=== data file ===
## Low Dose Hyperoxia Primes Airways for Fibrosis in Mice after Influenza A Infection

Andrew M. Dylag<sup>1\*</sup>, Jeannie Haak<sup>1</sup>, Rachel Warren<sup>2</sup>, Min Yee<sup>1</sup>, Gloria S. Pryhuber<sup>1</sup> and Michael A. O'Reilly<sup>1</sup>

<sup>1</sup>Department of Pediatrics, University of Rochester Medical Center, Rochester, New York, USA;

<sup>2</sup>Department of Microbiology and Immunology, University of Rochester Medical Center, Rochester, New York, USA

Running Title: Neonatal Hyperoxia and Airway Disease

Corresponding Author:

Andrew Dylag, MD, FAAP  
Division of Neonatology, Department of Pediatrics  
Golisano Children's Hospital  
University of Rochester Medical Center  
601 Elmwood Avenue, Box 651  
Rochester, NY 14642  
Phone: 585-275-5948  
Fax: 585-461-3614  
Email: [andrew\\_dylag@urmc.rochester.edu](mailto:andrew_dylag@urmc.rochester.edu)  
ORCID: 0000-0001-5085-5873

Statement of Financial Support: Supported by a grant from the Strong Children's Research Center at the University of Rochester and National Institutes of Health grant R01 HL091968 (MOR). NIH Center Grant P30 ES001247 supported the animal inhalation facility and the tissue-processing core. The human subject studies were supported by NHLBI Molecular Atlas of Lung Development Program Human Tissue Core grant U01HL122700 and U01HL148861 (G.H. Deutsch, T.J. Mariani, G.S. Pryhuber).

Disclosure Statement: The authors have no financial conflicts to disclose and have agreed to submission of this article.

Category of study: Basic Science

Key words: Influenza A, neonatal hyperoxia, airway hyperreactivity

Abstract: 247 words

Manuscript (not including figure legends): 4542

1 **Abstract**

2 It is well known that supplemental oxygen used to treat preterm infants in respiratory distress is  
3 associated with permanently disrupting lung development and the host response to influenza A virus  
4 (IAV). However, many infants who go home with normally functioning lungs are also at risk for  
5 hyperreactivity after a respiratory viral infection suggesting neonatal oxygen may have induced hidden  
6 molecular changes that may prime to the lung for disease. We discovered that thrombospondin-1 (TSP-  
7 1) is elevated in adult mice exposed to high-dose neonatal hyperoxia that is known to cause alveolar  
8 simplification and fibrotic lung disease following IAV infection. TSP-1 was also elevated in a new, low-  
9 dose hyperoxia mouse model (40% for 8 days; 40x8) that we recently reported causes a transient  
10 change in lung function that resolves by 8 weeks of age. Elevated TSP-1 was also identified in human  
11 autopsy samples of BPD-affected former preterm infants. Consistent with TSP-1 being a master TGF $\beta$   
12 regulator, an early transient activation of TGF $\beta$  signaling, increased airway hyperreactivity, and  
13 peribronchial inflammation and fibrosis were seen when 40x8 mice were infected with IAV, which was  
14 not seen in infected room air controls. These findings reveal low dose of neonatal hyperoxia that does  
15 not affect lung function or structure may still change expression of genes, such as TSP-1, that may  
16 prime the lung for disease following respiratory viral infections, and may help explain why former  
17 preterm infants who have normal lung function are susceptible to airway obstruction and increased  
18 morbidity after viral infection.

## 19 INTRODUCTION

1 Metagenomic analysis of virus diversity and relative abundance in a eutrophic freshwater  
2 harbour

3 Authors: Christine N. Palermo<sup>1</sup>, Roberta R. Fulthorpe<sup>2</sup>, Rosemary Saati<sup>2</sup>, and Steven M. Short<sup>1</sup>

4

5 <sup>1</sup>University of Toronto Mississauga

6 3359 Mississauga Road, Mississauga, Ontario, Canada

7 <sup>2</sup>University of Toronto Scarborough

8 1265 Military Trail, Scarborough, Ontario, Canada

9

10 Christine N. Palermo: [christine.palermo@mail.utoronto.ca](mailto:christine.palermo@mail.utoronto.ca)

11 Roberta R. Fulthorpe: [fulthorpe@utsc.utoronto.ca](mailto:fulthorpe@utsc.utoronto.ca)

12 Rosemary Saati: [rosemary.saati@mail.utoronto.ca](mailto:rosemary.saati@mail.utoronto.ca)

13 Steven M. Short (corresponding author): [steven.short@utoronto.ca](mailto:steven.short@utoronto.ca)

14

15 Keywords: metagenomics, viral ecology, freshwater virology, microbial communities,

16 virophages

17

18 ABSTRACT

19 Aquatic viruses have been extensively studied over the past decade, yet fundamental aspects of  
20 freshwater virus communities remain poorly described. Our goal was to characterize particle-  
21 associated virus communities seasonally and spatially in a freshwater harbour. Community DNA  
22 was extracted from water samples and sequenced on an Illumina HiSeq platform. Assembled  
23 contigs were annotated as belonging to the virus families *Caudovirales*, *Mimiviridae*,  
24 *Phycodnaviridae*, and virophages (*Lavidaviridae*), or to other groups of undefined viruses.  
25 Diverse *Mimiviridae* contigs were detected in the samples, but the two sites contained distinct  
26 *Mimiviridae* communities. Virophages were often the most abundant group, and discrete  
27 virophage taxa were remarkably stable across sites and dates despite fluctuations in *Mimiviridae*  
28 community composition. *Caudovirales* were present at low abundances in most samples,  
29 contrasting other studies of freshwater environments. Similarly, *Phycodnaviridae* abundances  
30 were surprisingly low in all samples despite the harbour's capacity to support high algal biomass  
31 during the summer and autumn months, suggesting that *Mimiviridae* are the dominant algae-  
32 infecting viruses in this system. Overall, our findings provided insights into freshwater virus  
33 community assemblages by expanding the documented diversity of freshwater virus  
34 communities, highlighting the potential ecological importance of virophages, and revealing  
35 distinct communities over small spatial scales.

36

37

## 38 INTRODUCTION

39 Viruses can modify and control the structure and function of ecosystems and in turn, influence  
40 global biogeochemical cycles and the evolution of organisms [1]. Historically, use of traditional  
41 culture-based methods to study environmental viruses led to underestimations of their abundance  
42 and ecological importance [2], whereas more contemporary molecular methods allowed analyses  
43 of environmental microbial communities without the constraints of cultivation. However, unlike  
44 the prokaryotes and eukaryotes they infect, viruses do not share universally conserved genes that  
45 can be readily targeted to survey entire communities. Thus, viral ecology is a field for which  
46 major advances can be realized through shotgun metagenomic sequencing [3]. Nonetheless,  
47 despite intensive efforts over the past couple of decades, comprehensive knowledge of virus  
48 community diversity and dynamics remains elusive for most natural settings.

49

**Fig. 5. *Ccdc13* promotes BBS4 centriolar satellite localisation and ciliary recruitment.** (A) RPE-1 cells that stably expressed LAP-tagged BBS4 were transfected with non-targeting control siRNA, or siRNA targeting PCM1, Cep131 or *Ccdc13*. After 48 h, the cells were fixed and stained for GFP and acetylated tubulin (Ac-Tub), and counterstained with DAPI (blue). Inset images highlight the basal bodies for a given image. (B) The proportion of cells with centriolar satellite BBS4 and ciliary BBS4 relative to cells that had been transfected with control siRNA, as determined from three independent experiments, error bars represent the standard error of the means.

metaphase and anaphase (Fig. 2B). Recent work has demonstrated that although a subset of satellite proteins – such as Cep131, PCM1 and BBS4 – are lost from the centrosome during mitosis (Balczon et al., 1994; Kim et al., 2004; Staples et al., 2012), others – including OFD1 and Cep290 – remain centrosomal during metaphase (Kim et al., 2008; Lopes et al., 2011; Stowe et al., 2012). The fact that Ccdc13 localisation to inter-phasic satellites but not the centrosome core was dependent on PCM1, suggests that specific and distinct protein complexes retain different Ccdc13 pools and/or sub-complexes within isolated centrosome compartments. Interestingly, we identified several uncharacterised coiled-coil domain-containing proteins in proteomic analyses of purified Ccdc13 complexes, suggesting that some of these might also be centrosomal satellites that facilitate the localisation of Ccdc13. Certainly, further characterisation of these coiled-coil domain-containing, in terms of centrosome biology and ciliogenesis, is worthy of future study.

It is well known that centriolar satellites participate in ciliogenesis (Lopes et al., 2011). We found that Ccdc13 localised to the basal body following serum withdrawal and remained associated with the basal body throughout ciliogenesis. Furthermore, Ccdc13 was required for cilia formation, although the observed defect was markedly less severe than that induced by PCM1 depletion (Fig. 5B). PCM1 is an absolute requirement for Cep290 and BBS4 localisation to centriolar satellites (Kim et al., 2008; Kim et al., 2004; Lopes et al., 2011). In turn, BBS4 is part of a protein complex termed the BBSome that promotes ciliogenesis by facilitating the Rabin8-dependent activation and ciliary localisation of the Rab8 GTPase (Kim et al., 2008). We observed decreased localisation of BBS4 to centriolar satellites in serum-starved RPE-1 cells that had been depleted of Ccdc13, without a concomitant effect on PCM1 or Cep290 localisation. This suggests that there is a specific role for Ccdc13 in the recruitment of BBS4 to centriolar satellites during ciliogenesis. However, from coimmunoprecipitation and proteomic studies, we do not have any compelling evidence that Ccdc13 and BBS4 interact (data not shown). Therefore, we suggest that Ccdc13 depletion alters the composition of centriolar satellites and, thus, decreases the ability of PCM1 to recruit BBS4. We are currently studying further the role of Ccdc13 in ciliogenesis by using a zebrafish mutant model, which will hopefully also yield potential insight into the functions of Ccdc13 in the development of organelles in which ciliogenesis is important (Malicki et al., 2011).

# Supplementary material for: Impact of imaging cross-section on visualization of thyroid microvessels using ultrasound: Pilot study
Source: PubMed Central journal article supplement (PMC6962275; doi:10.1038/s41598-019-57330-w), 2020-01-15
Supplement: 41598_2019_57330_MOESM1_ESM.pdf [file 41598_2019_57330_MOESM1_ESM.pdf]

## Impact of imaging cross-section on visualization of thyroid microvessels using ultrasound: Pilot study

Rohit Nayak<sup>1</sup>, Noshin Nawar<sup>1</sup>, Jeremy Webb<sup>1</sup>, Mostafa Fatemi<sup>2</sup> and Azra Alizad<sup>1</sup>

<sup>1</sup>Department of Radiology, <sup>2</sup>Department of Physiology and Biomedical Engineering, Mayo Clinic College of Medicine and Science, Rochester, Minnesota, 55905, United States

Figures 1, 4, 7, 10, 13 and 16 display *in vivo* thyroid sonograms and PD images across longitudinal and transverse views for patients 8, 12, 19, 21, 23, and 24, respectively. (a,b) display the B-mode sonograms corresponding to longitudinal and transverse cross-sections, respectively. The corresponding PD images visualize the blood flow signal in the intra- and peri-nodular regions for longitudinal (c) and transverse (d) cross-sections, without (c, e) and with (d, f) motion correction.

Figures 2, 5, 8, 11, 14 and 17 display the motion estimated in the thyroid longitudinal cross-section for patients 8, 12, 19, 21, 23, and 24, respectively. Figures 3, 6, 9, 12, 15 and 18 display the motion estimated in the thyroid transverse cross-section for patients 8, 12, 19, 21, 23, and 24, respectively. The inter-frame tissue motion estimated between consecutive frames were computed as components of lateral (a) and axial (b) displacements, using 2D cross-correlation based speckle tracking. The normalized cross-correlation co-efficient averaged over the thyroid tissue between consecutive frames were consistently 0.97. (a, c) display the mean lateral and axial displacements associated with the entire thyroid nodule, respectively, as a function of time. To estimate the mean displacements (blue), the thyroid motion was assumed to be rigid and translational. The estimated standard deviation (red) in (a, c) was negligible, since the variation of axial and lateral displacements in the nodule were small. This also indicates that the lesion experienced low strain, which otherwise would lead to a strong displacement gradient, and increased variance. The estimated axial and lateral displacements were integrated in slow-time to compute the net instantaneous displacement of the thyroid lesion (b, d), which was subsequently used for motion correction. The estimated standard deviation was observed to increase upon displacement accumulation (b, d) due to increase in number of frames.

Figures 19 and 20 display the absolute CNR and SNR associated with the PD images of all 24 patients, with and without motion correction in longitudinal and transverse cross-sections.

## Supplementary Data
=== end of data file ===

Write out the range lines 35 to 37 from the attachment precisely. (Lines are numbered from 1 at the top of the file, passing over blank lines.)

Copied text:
13 peribronchial inflammation and fibrosis were seen when 40x8 mice were infected with IAV, which was  
14 not seen in infected room air controls. These findings reveal low dose of neonatal hyperoxia that does  
15 not affect lung function or structure may still change expression of genes, such as TSP-1, that may  